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Ryanair succeeds in getting EU airline bailouts annulled in Luxembourg

written by Hannah Dowling | May 20, 2021

Ryanair has finally achieved two victories in European courts, as it continues its attempt to fight against bloc members bailing out their national airlines.

The giant European budget airline has legally challenged the European Commission’s decision to approve a number of states to financially bail out major national airlines and rivals in the bloc.

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In its latest case, Ryanair successfully annulled the government-provided financial support given to rivals KLM and TAP in Europe’s second-highest court, based on an inability to justify the excessive cash injections.

In 2020, the European Commission approved a €3.4 billion bailout for KLM by the Dutch government, and a €1.2 billion loan to state-owned Transportes Aereos Portugueses (TAP) by Portugal.

“The General Court annuls the Commission’s decision to approve the Netherlands financial aid for the airline KLM amid the COVID-19 pandemic on the grounds of inadequate reasoning,” the Luxembourg-based General Court said on Wednesday.

Similarly, the court’s judges also rejected the EU’s clearance of state aid for TAP, also citing “an inadequate statement of reasons” by the Commission.

Despite the win, the court noted that the annulments, and notably the recovery of involved monies, would be suspended pending new decisions by the European Commission – decisions that can again be challenged by Ryanair at the General Court.

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“The European Commission’s approvals of state aid to Air France-KLM and TAP went against the fundamental principles of EU law and reversed the clock on the process of liberalisation in air transport by rewarding inefficiency and encouraging unfair competition,” Ryanair said in a statement after the ruling.

In a statement, KLM said that the judgement in Luxembourg was of little consequence, due to the fact that state aid will not have to be repaid until the Commission can review the decision.

Meanwhile, Portuguese Prime Minister Antonio Costa said that the decision was simply a preliminary one, and that the government aid was justified in light of the COVID-19 pandemic.

“Given the crisis that hit the aviation sector around the world, it was unthinkable for the European Commission not to lift restrictions on state aid,” he said.

“There is no reason to believe their legal experts did not study the matter well.”

Also on Wednesday, the court ruled against Ryanair in its challenge of a €10 billion Spanish fund, which was found to have complied with EU law.

Last month, Ryanair also lost its battle against airline bailouts in Sweden, Denmark and Finland.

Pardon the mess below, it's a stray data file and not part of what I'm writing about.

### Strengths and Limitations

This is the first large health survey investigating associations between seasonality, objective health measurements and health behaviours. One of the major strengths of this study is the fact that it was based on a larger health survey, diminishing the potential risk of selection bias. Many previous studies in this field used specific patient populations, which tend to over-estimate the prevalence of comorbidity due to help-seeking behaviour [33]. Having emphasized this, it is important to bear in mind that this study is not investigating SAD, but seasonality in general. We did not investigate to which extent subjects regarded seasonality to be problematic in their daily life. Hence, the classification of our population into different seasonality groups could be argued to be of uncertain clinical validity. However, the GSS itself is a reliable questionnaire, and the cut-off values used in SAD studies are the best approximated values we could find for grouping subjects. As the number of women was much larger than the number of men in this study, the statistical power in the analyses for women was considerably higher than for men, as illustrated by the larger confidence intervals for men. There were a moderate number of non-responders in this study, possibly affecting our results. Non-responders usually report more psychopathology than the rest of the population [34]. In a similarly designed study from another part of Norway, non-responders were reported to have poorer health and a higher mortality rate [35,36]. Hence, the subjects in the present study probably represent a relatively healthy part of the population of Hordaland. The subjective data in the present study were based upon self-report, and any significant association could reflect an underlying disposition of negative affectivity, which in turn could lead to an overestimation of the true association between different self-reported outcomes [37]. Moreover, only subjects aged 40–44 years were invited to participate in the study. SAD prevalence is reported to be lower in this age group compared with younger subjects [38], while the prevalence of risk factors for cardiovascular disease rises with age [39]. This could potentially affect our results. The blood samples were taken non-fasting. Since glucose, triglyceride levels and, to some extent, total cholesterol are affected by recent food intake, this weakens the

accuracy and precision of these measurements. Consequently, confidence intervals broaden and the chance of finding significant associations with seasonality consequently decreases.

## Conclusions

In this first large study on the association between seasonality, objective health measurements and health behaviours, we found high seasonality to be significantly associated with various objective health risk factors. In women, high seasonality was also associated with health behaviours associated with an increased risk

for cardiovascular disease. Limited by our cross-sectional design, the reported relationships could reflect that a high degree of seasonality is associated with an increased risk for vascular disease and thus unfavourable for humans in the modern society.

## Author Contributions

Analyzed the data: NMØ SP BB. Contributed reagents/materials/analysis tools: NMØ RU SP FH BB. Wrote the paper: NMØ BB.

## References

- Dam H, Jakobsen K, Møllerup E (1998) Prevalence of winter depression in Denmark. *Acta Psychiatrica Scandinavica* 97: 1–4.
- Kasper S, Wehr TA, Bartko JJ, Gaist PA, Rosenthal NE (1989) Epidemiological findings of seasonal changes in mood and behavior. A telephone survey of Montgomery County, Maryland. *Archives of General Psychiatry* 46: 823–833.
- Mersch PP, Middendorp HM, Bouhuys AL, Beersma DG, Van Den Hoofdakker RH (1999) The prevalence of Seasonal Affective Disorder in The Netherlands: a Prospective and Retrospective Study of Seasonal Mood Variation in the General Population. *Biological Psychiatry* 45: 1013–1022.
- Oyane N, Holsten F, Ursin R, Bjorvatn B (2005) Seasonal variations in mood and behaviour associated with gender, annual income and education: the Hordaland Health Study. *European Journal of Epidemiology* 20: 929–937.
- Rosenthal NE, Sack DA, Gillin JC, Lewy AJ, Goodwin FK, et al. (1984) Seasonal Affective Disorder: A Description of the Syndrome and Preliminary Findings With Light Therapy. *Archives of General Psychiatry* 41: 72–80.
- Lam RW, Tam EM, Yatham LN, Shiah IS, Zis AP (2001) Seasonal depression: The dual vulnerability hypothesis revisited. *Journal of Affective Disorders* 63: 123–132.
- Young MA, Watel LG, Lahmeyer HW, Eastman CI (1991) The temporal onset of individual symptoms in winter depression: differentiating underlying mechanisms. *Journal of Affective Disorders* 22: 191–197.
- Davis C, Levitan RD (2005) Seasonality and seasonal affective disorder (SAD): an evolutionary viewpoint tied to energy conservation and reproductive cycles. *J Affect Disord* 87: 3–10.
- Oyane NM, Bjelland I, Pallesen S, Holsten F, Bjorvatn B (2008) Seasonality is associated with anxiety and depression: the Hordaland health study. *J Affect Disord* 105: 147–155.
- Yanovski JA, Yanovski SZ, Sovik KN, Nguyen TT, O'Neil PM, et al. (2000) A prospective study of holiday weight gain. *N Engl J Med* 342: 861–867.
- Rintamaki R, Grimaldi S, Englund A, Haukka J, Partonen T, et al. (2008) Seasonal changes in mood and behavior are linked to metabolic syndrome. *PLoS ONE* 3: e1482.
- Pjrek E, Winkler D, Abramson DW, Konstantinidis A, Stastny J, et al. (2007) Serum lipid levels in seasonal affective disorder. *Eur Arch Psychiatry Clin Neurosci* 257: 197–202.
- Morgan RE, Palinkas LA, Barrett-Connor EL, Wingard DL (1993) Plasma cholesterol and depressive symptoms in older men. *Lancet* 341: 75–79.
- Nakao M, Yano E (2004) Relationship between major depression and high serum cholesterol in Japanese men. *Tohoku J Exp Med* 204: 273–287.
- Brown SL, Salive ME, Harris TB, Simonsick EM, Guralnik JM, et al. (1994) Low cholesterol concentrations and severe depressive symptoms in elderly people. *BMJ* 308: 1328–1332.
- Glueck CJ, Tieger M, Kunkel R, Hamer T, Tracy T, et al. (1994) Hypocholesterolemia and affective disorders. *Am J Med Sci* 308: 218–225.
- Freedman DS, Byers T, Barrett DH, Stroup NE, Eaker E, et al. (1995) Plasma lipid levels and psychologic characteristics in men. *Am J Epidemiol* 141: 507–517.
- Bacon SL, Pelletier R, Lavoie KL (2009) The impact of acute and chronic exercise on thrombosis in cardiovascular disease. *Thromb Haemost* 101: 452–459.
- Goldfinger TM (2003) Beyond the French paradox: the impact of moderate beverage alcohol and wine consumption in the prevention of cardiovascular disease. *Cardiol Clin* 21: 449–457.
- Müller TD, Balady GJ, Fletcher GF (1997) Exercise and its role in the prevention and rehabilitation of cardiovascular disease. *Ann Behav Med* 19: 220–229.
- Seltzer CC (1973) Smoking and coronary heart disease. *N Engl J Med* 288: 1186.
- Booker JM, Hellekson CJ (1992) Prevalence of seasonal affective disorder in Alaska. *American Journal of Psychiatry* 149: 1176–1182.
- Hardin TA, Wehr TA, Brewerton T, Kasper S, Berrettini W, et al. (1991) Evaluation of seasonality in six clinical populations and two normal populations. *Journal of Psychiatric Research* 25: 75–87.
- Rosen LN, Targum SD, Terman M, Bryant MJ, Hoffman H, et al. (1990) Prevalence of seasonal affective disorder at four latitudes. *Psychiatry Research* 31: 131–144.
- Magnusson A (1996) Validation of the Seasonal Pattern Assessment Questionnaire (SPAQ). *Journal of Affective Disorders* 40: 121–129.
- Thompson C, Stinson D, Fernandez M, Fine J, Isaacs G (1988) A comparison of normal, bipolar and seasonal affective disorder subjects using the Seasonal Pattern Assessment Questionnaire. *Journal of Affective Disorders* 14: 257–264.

The European Court of Justice ruled against Ryanair’s challenges, and cleared Sweden and Denmark to provide financial aid to SAS, and Finland to do the same for Finnair.

The court ruled that the provision of a €600 million loan by Finland to Finnair was “necessary” in light of the significant role the airline plays in the national economy.

In a separate ruling, the EU court ruled that state aid provided to SAS by Sweden and Denmark, “given that SAS’s market share is much higher than that of its closest competitor in those two member states, the aid does not amount to unlawful discrimination”.

The court argued that these measures “comply with EU law”.

Despite the decision, Ryanair, the largest European airline by passenger numbers, said at that time it will appeal the court’s ruling, and continue to challenge aid provisions approved for Lufthansa, KLM and airBaltic.

Ryanair has long rallied against national carrier bailouts by major nation-states in the bloc, and has argued that the notion goes against the very principle of the EU single market.

The budget carrier has estimated that Brussels has thus far approved pandemic-related state aid to the tune of €30 billion.

“Today’s judgments set the process of liberalisation in air transport back by 30 years by allowing Finland, Denmark and Sweden to give their national flag carriers a leg up over more efficient competitors, based purely on nationality,” Ryanair said in a statement, adding its intentions to appeal the decisions.

“If Europe is to emerge from this crisis with a functioning single market, airlines must be allowed to compete on a level playing field.

“Undistorted competition can weed out inefficiency and benefit consumers through low fares and choice. Subsidies, on the other hand, encourage inefficiency and will harm consumers for decades to come.”

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